Over time, the couple’s appetites grew. At supper, they’d begun licking meat off their plates, then licking their fingers and lapping the juices from each other’s lips. The woman’s belly and breasts swelled. She’d felt something wild growing inside of her, a new hunger she hadn’t felt before. At night, she sometimes ran the path heading toward the forest. At the forest’s edge, she tore off her clothes and ran on all fours, sniffing the air for the scent of small prey. Her nails clawed soft earth as she ran. Tonight, a rabbit froze before her on the moonlit path, and she lunged for it, catching it in her jaws. Its warm blood filled her mouth with the taste of rust and wildness. She darted home, standing upright on two legs as she leaned naked over the table, streaked with earth and blood. Her chest rose and fell with the excitement of the hunt. Her husband sat there, shirtless as he waited; he, too, with bated breath. She relaxed her jaws; the rabbit’s limp body fell, thudding softly on the table. The man stood, pressing his body against his wife’s roundness. He sniffed her blood-streaked skin with hunger, then darted his tongue in her mouth, tasting the rabbit’s feral scent. He pulled away, pleased. Then they both hunched over the table, tearing the rabbit open with their teeth as they fed.


Soon, they abandoned their home, and vines grew over it, returning it to the soil. The woman crouched in the woods, unashamed of her nakedness. Her husband, also bare, circled on all fours, pacing with anticipation. The woman tensed her muscles, moaning and pushing out the creature that had grown in her belly. It landed mewling on a soft bed of leaves and pine needles. The woman cradled the newborn and licked its face, cleaning its eyes so it could see, its nose so it could breathe. She studied the infant. It was not quite human, not quite animal; it had a soft pink snout where a nose should have been, and a thin coat of fur covered the length of its tender belly. Gentle fangs poked from its delicate gums. The woman lay on the earth, curling her body around the youngling, letting it take her teat with its hungry mouth. Her husband lay beside them. They were not afraid.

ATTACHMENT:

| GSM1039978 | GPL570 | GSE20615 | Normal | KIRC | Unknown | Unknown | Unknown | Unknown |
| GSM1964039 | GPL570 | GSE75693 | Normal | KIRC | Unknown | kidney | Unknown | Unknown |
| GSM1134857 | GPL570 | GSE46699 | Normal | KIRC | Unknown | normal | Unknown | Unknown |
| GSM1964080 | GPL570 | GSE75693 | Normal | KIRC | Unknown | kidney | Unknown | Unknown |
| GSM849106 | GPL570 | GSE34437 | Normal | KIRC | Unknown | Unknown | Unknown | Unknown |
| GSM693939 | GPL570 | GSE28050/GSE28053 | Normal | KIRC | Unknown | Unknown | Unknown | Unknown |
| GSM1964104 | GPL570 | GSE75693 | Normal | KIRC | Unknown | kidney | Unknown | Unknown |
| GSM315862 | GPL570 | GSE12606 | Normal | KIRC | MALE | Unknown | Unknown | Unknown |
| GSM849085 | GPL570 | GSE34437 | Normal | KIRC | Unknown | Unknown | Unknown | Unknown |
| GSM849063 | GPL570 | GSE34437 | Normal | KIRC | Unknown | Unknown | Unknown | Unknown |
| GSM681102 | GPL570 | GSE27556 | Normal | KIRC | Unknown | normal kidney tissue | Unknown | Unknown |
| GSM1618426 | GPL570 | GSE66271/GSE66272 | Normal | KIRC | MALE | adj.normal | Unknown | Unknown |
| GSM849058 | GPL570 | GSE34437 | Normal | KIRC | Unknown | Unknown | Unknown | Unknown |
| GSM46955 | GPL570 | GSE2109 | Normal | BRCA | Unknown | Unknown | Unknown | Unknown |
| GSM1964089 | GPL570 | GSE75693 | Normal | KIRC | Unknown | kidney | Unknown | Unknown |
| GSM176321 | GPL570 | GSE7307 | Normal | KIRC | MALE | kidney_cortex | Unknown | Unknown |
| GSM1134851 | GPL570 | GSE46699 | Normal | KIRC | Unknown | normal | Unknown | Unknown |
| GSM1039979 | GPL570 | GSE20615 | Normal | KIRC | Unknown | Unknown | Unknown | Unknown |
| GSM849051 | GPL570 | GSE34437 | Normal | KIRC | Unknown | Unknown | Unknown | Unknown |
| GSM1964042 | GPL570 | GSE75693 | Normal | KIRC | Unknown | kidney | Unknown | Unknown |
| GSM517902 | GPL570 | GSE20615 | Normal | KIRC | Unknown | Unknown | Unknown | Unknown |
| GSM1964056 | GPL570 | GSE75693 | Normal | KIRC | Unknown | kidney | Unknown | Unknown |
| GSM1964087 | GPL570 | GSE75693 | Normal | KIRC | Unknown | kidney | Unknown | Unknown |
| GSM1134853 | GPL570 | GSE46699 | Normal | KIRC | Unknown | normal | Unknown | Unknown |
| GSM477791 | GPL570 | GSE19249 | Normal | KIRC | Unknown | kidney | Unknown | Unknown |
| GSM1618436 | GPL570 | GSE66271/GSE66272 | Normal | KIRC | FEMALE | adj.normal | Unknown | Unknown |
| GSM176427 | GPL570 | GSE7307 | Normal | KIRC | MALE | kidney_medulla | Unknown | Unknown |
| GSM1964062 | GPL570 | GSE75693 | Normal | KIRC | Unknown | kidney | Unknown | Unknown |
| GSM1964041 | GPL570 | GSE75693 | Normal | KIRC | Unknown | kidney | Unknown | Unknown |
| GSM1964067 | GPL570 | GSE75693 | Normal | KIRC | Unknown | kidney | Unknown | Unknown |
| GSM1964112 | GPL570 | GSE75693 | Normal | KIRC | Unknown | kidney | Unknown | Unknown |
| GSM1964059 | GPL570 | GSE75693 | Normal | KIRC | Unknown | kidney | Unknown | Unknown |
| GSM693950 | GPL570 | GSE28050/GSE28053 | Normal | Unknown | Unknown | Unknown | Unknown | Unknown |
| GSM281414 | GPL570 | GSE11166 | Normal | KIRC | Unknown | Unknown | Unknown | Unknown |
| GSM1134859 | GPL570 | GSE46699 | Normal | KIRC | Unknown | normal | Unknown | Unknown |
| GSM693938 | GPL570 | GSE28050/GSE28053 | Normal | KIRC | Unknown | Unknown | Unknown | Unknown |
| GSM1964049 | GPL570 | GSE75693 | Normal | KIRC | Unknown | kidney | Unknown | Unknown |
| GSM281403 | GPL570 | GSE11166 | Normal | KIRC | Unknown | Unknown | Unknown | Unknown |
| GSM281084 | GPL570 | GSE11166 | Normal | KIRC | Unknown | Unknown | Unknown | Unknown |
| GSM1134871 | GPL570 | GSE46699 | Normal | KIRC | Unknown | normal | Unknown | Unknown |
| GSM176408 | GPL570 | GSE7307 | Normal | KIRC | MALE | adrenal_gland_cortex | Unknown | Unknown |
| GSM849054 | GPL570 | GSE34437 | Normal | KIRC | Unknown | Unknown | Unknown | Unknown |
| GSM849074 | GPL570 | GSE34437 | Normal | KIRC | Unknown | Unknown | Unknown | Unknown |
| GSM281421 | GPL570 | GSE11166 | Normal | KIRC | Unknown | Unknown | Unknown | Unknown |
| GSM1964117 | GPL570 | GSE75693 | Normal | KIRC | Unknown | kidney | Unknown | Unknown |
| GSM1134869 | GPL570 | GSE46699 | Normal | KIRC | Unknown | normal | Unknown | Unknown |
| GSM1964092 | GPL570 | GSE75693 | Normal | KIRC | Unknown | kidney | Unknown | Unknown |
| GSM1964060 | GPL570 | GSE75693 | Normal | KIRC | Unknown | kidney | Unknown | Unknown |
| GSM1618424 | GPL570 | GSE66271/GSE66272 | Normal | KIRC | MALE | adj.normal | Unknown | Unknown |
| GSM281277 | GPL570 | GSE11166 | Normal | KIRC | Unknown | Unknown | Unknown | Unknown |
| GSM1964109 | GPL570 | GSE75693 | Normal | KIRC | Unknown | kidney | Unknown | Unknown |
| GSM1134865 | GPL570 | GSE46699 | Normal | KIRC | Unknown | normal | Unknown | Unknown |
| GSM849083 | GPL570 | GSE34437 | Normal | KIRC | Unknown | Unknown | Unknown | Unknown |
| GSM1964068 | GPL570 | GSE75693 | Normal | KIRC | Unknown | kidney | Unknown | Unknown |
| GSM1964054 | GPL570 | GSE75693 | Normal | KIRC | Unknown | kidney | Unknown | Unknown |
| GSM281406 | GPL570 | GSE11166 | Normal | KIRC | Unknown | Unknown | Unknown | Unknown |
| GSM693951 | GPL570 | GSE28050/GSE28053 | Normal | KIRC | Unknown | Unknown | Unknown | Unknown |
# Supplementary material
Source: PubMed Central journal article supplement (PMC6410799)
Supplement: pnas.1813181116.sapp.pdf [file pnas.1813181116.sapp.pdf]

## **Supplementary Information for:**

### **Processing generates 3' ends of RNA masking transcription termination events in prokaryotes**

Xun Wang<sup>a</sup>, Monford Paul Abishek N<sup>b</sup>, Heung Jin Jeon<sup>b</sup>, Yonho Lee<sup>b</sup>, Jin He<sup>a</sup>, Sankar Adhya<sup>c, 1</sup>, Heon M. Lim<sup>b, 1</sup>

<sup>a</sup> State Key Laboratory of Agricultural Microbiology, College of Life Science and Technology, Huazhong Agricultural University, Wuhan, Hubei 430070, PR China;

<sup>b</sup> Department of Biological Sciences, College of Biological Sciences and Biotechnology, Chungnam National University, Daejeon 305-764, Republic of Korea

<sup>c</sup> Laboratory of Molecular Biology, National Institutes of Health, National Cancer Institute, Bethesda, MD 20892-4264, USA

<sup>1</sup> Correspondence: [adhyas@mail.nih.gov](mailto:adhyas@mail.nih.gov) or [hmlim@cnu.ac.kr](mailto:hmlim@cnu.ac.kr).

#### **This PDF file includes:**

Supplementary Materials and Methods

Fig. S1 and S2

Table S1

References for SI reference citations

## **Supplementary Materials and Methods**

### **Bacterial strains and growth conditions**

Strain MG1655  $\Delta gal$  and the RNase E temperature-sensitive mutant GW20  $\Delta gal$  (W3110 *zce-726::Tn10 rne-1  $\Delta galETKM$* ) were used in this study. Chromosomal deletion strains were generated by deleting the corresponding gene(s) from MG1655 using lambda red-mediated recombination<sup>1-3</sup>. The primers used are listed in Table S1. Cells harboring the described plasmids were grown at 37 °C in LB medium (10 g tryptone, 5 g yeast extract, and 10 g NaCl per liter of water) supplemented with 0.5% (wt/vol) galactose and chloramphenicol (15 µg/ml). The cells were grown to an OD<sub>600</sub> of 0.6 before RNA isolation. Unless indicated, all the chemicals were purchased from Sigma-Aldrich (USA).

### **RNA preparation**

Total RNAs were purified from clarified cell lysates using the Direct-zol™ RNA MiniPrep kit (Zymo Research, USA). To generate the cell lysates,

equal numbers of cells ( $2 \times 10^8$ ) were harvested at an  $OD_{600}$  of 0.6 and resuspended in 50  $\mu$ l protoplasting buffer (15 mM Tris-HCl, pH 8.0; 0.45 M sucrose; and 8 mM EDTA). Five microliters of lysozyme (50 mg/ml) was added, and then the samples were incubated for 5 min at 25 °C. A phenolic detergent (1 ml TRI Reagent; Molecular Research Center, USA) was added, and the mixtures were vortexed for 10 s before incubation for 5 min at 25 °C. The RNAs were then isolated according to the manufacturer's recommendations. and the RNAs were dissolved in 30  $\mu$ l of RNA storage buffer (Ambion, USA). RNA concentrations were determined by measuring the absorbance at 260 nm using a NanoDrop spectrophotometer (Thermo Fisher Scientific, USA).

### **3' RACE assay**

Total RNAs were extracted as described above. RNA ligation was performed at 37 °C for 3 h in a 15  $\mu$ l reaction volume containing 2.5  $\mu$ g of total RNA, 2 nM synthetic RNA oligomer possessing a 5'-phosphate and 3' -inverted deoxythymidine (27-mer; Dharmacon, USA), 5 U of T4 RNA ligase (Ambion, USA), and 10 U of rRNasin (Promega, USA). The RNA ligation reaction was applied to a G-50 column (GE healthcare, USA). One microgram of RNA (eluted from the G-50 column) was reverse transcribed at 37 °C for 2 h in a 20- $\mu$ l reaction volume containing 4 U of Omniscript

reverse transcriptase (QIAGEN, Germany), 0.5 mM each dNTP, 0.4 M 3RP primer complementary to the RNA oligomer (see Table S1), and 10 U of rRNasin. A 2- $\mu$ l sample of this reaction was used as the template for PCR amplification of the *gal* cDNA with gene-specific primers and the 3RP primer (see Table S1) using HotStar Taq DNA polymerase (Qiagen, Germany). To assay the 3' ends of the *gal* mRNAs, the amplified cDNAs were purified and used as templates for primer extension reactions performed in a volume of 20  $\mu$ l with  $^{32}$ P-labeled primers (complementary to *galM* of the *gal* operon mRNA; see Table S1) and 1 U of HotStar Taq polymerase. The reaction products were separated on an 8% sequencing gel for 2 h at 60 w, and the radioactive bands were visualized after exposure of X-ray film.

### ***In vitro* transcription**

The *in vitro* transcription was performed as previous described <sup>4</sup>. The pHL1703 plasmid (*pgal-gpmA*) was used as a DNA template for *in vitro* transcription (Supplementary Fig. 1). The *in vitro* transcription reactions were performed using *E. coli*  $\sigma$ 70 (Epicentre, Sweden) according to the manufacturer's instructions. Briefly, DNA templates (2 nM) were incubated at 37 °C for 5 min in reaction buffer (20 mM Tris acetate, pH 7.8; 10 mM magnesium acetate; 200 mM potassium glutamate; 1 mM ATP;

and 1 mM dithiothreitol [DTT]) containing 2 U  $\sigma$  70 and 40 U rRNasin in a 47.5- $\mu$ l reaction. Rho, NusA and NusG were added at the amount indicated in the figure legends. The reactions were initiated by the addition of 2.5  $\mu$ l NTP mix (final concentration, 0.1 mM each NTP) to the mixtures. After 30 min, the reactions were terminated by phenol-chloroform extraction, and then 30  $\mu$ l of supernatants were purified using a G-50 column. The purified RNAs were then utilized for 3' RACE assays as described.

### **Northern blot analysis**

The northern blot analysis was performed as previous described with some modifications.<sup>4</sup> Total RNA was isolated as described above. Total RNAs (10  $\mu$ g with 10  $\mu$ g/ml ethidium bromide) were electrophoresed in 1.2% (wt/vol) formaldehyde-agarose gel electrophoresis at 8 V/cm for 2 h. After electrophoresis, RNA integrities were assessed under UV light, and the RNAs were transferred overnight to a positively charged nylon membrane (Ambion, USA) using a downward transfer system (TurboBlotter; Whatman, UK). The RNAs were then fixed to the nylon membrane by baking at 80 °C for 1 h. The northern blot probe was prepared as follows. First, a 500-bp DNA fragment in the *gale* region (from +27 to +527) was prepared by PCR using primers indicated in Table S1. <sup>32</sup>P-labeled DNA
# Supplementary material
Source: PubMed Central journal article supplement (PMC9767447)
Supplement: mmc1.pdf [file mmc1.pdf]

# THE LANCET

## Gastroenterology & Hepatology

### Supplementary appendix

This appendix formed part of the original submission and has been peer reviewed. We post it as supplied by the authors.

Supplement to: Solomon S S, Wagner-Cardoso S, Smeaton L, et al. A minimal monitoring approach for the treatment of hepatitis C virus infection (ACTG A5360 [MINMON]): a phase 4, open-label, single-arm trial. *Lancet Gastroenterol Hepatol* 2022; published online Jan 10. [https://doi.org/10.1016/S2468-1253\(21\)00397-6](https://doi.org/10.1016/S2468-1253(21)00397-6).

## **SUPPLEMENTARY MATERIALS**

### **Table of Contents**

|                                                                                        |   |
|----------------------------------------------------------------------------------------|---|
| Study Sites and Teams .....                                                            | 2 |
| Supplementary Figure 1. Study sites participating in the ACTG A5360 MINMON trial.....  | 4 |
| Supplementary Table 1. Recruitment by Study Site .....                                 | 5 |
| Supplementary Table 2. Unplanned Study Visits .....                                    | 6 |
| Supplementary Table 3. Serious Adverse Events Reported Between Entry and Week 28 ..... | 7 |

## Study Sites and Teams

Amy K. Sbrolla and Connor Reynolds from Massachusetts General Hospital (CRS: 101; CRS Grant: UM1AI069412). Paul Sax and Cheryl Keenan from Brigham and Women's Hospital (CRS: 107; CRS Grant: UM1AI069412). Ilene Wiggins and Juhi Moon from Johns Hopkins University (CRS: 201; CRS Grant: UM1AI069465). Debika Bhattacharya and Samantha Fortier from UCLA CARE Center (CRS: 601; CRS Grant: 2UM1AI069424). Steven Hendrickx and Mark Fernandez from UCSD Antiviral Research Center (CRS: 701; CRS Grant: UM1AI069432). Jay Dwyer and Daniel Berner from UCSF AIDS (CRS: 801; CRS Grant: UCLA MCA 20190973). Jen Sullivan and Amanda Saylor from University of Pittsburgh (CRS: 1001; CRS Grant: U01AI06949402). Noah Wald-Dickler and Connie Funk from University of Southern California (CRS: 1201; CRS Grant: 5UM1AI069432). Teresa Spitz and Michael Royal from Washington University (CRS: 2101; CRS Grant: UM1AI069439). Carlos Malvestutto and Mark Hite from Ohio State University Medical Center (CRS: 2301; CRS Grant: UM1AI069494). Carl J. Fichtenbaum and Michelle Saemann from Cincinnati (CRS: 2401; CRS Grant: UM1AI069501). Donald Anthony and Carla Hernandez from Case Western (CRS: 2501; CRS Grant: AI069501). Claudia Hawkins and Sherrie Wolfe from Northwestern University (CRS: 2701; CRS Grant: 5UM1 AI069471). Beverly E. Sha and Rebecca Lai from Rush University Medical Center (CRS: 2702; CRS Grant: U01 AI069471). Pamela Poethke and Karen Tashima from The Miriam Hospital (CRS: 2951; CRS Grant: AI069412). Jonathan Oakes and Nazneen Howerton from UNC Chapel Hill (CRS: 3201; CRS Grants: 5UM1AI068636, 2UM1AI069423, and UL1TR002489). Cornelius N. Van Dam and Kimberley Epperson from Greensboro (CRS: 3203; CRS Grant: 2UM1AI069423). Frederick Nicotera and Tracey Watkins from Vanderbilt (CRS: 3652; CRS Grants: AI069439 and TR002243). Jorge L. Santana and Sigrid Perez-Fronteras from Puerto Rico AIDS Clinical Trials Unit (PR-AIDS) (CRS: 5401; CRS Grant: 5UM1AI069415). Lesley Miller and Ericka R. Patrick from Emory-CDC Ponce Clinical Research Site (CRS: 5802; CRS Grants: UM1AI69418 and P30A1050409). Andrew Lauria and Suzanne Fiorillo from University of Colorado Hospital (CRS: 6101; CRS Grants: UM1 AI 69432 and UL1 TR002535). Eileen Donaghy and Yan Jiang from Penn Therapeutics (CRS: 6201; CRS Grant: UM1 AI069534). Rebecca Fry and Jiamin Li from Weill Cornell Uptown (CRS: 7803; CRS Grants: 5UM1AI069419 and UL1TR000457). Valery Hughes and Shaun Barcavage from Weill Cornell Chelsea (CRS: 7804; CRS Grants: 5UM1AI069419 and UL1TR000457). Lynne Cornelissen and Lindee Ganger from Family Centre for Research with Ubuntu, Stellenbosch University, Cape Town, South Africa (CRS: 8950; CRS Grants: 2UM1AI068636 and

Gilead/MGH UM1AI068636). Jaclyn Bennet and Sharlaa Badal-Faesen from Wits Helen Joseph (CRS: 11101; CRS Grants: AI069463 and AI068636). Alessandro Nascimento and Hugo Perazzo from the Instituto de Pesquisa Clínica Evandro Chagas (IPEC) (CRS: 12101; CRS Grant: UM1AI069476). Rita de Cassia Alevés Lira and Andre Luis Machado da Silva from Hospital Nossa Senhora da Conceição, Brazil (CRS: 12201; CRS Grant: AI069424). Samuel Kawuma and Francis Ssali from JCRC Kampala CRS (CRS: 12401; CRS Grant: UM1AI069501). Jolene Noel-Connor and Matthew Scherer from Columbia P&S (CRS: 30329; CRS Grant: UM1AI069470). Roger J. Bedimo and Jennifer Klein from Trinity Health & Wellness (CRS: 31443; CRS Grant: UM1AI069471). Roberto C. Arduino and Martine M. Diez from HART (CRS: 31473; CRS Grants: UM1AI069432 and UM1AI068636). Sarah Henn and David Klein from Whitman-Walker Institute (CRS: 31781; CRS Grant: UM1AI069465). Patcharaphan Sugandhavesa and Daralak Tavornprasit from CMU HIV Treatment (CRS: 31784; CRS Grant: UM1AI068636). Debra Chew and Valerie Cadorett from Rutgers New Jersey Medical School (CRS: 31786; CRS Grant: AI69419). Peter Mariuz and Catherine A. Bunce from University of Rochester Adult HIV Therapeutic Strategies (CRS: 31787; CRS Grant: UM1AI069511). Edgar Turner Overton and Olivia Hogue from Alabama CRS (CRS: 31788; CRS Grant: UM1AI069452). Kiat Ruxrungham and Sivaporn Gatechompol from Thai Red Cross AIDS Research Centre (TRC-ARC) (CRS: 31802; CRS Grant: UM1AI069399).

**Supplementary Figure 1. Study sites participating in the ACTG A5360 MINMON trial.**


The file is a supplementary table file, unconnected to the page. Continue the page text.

In the distance, they saw the shadow of a wolf and another woman in her nightgown.

“I will teach you things,” the wolf said without speaking. “I will show you the way.”


G.G. Silverman lives just north of Seattle. Her fiction and poetry have won awards, and her work has appeared in or is forthcoming from So To Speak feminist language + art, The Journal of Compressed Creative Arts, Iron Horse Literary Review, The Seventh Wave, Lunch Ticket, Molotov Cocktail, Iconoclast, Ellipsis Literature & Art, and more. She is currently at work on a short story collection as well as her third novel.

See more: ggsilverman.com